Aluminum – is a lightweight material that can get you moving, widely available at most entry level price points for road bikes, mountain bikes and commuters. Aluminum is not quite as strong/durable as steel, but is typically lighter than steel and provides more rigidity which will make a difference for power transfer in your pedal stroke. Aluminum is more durable than a carbon fiber bike, or titanium bike, but may be a little heavier due to the way it’s constructed, or have less aerodynamic designs.
Carbon Fiber – Found in bikes that make up the higher end of the price range because they have an incredible strength to weight ratio which makes them ideal for cranking out speed and power in the toughest of races. Because of the reduced weight of the material, designers can create extremely aerodynamic designs that would otherwise not be possible with other metals (as it would add significantly more weight). This stiff metal is great for transferring your power in each pedal stroke. Stiffness can also reduce comfort, but most big brands of bikes have adapted their design to make their carbon bikes more comfortable (you’ll feel less of the uncomfortable bumps from a rough road).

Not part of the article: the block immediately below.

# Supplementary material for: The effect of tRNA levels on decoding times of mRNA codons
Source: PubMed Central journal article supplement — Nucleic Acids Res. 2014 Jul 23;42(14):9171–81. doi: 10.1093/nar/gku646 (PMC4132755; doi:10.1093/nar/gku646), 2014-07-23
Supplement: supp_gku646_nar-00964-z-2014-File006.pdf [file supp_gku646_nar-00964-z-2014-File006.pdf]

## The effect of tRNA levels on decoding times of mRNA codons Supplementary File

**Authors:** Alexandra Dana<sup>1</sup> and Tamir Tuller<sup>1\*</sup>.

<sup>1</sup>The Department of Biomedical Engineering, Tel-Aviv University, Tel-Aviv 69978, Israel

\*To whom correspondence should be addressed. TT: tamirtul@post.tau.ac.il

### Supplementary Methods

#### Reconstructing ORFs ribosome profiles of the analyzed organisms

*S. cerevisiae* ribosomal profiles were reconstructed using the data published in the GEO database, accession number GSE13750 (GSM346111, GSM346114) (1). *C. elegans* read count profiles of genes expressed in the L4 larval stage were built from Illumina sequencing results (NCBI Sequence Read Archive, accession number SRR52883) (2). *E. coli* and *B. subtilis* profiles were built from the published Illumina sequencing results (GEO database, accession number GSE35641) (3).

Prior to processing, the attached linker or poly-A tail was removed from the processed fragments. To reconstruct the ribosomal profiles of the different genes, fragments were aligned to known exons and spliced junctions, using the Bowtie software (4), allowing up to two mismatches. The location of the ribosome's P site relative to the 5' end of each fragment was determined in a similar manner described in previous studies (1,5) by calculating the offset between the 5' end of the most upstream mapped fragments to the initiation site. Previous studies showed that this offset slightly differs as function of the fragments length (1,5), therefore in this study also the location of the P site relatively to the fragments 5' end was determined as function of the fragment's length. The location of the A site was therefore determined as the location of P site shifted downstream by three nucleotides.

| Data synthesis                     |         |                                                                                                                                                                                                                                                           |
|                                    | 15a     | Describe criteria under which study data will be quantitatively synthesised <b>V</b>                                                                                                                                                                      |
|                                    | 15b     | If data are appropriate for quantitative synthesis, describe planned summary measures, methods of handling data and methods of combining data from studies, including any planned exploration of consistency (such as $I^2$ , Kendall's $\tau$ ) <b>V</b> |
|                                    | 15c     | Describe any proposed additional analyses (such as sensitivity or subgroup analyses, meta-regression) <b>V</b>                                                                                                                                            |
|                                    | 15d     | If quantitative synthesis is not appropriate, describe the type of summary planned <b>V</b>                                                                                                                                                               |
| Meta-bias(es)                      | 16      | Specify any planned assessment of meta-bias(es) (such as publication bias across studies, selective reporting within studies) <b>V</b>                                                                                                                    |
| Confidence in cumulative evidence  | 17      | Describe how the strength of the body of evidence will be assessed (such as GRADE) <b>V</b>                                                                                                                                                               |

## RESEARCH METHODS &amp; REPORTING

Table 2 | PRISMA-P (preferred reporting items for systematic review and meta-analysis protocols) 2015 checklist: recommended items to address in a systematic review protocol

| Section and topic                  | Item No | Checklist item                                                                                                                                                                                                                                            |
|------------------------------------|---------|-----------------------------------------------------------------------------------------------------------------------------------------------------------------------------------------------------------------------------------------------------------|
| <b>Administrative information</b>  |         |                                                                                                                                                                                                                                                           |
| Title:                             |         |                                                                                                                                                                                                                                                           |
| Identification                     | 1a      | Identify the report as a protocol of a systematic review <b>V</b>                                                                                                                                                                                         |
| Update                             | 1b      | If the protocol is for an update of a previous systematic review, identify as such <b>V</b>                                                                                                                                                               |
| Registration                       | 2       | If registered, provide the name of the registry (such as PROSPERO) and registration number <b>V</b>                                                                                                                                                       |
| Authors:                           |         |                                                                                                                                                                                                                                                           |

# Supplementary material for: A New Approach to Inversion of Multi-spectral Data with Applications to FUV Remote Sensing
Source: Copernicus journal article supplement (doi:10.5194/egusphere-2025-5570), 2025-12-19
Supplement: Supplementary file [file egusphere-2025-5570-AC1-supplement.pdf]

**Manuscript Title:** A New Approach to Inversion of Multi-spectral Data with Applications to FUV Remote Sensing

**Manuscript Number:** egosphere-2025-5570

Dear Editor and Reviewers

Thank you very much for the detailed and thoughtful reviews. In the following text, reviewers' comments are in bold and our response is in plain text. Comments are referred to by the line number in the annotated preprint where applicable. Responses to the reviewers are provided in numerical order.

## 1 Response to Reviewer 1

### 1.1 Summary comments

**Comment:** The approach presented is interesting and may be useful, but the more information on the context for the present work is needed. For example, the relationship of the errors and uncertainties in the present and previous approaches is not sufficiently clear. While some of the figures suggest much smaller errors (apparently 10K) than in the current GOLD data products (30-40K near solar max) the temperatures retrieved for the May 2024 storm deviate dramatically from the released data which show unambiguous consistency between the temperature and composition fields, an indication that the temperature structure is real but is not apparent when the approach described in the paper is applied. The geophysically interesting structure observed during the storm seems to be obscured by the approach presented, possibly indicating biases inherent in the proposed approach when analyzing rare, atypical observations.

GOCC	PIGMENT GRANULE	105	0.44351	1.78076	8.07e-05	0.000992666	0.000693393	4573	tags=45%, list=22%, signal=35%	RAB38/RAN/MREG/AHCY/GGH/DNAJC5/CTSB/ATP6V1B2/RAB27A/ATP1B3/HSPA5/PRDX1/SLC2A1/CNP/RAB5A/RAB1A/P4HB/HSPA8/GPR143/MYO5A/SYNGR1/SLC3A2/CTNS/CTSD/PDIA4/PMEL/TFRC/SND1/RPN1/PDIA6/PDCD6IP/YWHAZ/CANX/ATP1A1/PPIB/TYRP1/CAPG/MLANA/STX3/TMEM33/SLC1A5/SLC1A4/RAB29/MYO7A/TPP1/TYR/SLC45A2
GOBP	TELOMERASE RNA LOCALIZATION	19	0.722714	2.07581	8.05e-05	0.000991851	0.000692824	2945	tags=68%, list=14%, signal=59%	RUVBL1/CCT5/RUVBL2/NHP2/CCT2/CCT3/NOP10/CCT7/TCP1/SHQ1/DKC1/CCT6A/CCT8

But – and this is a big but (or butt if you’re Cheeky) – a bad crash, especially into a road sign, post or car can cause serious damage to the frame. That may feel obvious that crashing into things is bad, but Carbon fiber bikes won’t dent like another metal, they crack. And once a carbon bike gets a crack it is no longer safe to ride and should be replaced. And that can get be a blow to your budget! That in mind, carbon is a fantastic option for a high performance bike, especially for road riding/road racing, due to its versatility and general badassity.
Titanium – The most expensive of our biking options, it’s lighter and stiffer than steel but more responsive too. It won’t be as light as your carbon or aluminum options, but those purchasing a titanium bike may consider it a bike for life, or an investment, because titanium doesn’t rust or corrode like other metals.
Combination of metals – Some bikes will come with combination or metals, for example an aluminum frame and a carbon seat post. This may be a nice compromise for optimizing performance, comfort (potentially dampening road vibrations because of the thicker sidewall of the carbon seatpost than aluminum) and your budget. Keep this option in mind too!